Archive for the ‘UNPUBLISHED OUTDOOR WRITING’ Category


November 25, 2019


I had noted the temperature was actually getting warmer as I did the weekly hike up Spencer Butte with the Club.  No, it wasn’t just that I was working hard, but it was cold at the bottom, and it wasn’t nearly as cold a thousand feet higher.  We hike up to the top from the city, 3.2 miles gaining 1400 feet of elevation.  Slower hikers leave earlier; sometimes, I decide to leave early if I am rehabbing part of me, and other times I leave early so I can hike alone.  Often, I have a line of people behind my, liking my pace, but making me feel like the Pied Piper.  I don’t like such a situation, for I tend to walk faster, when I am already at cruising mode, and I get tired sooner.  Once I stopped suddenly on a hike to take a picture and got run into by the guy behind me.  I learned that backpacking through Alaska willows and other brush. Don’t crowd the person in front. They may have to suddenly stop, and they have sharp hiking poles. That can slip. Anyway, the summit of the Butte is finally reached after a series of rock steps, about 130 altogether, not counting the occasional smaller ones, and I looked down on a foggy, cold valley from the land of blue skies and sunshine.

Off to my northeast, the mill in Springfield had a plume of smoke rising in the sky then flattening out and spreading along an invisible barrier like a river.  I could see about fifteen miles of the smoke river, coming first towards me then moving away to the northwest.  

Wow, I thought, a classic inversion.  Warm air normally rises, and it normally keeps rising as the atmosphere usually gets colder with height. Valleys during winter collect heavier cold air as it sinks, and set up an inversion, where warm air rises through the cold air until it reaches the warm air above—not below—and stops rising. I first noted it in southeastern Arizona, back when I was commuting from Tucson to Las Cruces for graduate school.  Once, on a bike, I went through a thick fog bank going up to Mt. Lemmon, breaking out at about 4000 feet into bright sunshine and a dew point temperature, where water will condense into clouds, 30 degrees fewer than just a few hundred feet below.  Those who turned around in the fog missed a sunny day, which was about five minutes’ ride further up the mountain.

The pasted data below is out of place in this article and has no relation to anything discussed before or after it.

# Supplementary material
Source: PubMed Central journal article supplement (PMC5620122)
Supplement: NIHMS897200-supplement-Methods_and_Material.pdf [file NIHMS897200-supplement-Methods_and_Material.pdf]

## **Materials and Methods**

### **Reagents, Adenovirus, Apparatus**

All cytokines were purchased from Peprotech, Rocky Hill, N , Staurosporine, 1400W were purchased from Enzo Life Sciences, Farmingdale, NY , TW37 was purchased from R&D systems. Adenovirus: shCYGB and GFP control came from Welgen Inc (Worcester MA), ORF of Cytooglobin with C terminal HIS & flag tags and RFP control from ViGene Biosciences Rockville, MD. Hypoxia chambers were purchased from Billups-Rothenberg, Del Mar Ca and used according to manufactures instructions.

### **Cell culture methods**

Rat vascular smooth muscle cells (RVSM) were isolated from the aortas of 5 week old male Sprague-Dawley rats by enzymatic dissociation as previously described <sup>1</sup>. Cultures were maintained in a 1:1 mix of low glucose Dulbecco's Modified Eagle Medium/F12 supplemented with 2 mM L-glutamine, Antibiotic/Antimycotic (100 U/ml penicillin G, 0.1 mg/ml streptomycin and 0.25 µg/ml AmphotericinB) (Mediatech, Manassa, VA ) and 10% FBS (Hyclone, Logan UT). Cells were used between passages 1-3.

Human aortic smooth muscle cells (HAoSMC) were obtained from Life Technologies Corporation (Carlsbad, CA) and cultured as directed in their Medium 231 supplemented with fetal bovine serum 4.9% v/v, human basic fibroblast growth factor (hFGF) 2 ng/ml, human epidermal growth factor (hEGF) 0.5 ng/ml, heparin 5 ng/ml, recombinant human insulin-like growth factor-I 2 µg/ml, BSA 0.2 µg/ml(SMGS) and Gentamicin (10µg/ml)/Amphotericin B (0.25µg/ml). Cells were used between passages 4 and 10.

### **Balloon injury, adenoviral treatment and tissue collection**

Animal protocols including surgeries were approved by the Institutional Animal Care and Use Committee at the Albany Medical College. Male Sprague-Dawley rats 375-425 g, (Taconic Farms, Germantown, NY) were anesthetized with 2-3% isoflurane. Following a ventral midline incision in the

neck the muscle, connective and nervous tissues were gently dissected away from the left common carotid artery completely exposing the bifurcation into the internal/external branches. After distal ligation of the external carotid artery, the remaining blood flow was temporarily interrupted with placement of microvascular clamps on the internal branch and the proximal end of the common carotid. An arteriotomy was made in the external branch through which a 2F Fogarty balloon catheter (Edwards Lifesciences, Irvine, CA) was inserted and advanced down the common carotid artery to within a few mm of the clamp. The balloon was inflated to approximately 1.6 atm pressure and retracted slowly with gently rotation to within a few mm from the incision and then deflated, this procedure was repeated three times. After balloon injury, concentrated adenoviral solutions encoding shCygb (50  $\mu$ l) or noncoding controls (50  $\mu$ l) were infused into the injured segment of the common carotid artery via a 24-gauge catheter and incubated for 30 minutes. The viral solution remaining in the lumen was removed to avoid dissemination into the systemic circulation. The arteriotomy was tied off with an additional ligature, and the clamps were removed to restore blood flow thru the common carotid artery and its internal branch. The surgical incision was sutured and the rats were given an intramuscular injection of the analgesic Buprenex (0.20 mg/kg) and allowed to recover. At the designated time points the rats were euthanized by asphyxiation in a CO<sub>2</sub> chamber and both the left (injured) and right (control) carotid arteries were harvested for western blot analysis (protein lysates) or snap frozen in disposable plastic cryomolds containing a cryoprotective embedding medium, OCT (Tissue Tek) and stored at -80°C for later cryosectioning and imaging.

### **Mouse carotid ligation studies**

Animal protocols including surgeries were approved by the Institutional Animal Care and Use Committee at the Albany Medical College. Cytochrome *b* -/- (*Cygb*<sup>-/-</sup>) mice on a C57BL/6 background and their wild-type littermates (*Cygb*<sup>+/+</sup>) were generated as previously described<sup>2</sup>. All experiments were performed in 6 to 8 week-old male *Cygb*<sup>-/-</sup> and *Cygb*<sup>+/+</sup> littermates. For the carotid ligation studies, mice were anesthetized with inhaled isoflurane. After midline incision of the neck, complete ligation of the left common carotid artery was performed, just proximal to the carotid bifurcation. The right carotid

My wife and I hiked through an inversion in the Grand Canyon in February 1989, when the whole canyon was full of clouds and bright sunshine up at Yaki Point.  We hiked down the South Kaibab, entered clouds, then broke out below into overcast conditions.  It was remarkable.  

Jan at Yaki Point, South Kaibab Trail, Grand Canyon. February 1989. Microspikes are on the toes of the boots.
Coconino Sandstone (the largest vertical layer visible), viewed from South Kaibab Trail

Back on Spencer Butte, I waited for others to come up and googled the University of Wyoming’s weather sounding page.  The closest weather balloon released was from Salem, about an hour north, and indeed showed a change in temperature of 0 C (32 F) at ground level and 10 C  (50 F) at 1500 m or 5000 feet.  Classic inversion, I noted, staring at the river. I told a few people about what we were seeing, but nobody seemed interested.  

Back then, I was still posting on Facebook, and I later posted the picture and the weather sounding as a textbook example of an inversion.  Here is another example, with a link to the actual weather at that hour.

Salem, Oregon sounding from 4 am 23 Nov 19. Notice the temperature C, third column from the left, gets warmer as one ascends, from roughly 33 to 46 degrees at 923 m or roughly 3000′ above sea level. Then the “normal” cooling with elevation gain begins. The 98% humidity at ground level suggests fog was occurring. The actual weather was indeed foggy.

Facebook is not the land of people’s liking textbook examples explaining physical phenomena.  I got exactly one comment, a nerd icon, which I didn’t even know such existed. It wasn’t the reason I left the platform, but it was one of the accelerants.  I haven’t missed the sniping, arguing, or ignorance since I left it.  Nope. I try to walk in beauty the way the Navajo Prayer says.

A decade prior, I had been hiking on the South Rim Trail in Big Bend National Park up to the overlook over the Chihuahua Desert.  I was alone, and as I hiked on the rim, I saw an area that looked like smoke, then steam, a quarter mile ahead of me.  I arrived at the area and saw water vapor condensing to form a cloud, right in front of me.  I was on top of a cliff, and the humid southerly wind from deep down in Mexico, had slammed against the cliff, forcing the air upward, where it cooled, since in summer the inversions are usually shallow and break.  Cool air condensed once it reached the dew point, which is higher in summer, and a cloud formed right in front of me.  This is orographic lift, and I was absolutely enthralled at the example I was seeing.